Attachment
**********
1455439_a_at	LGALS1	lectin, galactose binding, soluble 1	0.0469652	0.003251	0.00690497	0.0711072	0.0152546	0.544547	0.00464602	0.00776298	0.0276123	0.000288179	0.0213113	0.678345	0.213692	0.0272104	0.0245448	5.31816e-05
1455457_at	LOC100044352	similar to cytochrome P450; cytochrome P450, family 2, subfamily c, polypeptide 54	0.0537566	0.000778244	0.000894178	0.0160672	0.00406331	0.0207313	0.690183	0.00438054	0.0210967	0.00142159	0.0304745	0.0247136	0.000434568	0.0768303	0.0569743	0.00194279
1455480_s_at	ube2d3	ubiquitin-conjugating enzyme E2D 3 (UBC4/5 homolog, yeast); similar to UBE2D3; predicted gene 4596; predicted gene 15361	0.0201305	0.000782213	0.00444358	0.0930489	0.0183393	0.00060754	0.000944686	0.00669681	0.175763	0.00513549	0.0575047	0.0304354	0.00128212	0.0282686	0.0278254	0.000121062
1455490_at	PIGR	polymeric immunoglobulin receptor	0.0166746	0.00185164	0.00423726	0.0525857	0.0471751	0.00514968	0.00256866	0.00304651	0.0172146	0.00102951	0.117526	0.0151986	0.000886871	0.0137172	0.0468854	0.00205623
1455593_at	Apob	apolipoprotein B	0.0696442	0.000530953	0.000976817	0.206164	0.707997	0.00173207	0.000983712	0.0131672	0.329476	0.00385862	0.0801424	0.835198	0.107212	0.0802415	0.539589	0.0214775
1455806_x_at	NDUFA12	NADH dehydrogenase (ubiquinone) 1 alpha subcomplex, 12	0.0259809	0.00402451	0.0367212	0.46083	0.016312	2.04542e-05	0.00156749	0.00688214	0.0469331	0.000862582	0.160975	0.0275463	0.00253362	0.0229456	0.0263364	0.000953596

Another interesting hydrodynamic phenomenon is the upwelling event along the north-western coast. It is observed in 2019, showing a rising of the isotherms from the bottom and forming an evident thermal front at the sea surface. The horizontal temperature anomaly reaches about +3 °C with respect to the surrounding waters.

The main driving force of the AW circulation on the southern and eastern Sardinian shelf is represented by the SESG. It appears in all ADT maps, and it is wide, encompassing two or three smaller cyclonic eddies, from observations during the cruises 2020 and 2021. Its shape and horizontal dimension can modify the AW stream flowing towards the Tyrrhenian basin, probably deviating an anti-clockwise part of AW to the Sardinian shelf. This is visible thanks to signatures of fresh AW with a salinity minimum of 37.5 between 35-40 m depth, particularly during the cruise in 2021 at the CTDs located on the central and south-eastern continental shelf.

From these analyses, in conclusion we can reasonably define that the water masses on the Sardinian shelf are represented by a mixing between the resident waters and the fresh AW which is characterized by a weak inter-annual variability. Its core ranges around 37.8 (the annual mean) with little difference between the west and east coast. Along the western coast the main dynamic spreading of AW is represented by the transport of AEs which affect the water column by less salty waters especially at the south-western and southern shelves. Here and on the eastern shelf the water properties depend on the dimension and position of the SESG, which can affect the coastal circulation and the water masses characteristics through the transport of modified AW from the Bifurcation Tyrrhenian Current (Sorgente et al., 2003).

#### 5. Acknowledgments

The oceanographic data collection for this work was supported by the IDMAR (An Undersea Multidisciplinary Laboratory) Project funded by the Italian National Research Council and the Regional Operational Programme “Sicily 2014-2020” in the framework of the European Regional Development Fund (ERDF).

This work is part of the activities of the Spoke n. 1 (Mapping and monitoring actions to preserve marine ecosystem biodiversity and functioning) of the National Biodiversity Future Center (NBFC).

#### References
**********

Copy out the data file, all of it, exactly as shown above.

1455439_a_at	LGALS1	lectin, galactose binding, soluble 1	0.0469652	0.003251	0.00690497	0.0711072	0.0152546	0.544547	0.00464602	0.00776298	0.0276123	0.000288179	0.0213113	0.678345	0.213692	0.0272104	0.0245448	5.31816e-05
1455457_at	LOC100044352	similar to cytochrome P450; cytochrome P450, family 2, subfamily c, polypeptide 54	0.0537566	0.000778244	0.000894178	0.0160672	0.00406331	0.0207313	0.690183	0.00438054	0.0210967	0.00142159	0.0304745	0.0247136	0.000434568	0.0768303	0.0569743	0.00194279
1455480_s_at	ube2d3	ubiquitin-conjugating enzyme E2D 3 (UBC4/5 homolog, yeast); similar to UBE2D3; predicted gene 4596; predicted gene 15361	0.0201305	0.000782213	0.00444358	0.0930489	0.0183393	0.00060754	0.000944686	0.00669681	0.175763	0.00513549	0.0575047	0.0304354	0.00128212	0.0282686	0.0278254	0.000121062
1455490_at	PIGR	polymeric immunoglobulin receptor	0.0166746	0.00185164	0.00423726	0.0525857	0.0471751	0.00514968	0.00256866	0.00304651	0.0172146	0.00102951	0.117526	0.0151986	0.000886871	0.0137172	0.0468854	0.00205623
1455593_at	Apob	apolipoprotein B	0.0696442	0.000530953	0.000976817	0.206164	0.707997	0.00173207	0.000983712	0.0131672	0.329476	0.00385862	0.0801424	0.835198	0.107212	0.0802415	0.539589	0.0214775
1455806_x_at	NDUFA12	NADH dehydrogenase (ubiquinone) 1 alpha subcomplex, 12	0.0259809	0.00402451	0.0367212	0.46083	0.016312	2.04542e-05	0.00156749	0.00688214	0.0469331	0.000862582	0.160975	0.0275463	0.00253362	0.0229456	0.0263364	0.000953596

Another interesting hydrodynamic phenomenon is the upwelling event along the north-western coast. It is observed in 2019, showing a rising of the isotherms from the bottom and forming an evident thermal front at the sea surface. The horizontal temperature anomaly reaches about +3 °C with respect to the surrounding waters.

The main driving force of the AW circulation on the southern and eastern Sardinian shelf is represented by the SESG. It appears in all ADT maps, and it is wide, encompassing two or three smaller cyclonic eddies, from observations during the cruises 2020 and 2021. Its shape and horizontal dimension can modify the AW stream flowing towards the Tyrrhenian basin, probably deviating an anti-clockwise part of AW to the Sardinian shelf. This is visible thanks to signatures of fresh AW with a salinity minimum of 37.5 between 35-40 m depth, particularly during the cruise in 2021 at the CTDs located on the central and south-eastern continental shelf.

From these analyses, in conclusion we can reasonably define that the water masses on the Sardinian shelf are represented by a mixing between the resident waters and the fresh AW which is characterized by a weak inter-annual variability. Its core ranges around 37.8 (the annual mean) with little difference between the west and east coast. Along the western coast the main dynamic spreading of AW is represented by the transport of AEs which affect the water column by less salty waters especially at the south-western and southern shelves. Here and on the eastern shelf the water properties depend on the dimension and position of the SESG, which can affect the coastal circulation and the water masses characteristics through the transport of modified AW from the Bifurcation Tyrrhenian Current (Sorgente et al., 2003).

#### 5. Acknowledgments

The oceanographic data collection for this work was supported by the IDMAR (An Undersea Multidisciplinary Laboratory) Project funded by the Italian National Research Council and the Regional Operational Programme “Sicily 2014-2020” in the framework of the European Regional Development Fund (ERDF).

This work is part of the activities of the Spoke n. 1 (Mapping and monitoring actions to preserve marine ecosystem biodiversity and functioning) of the National Biodiversity Future Center (NBFC).

#### References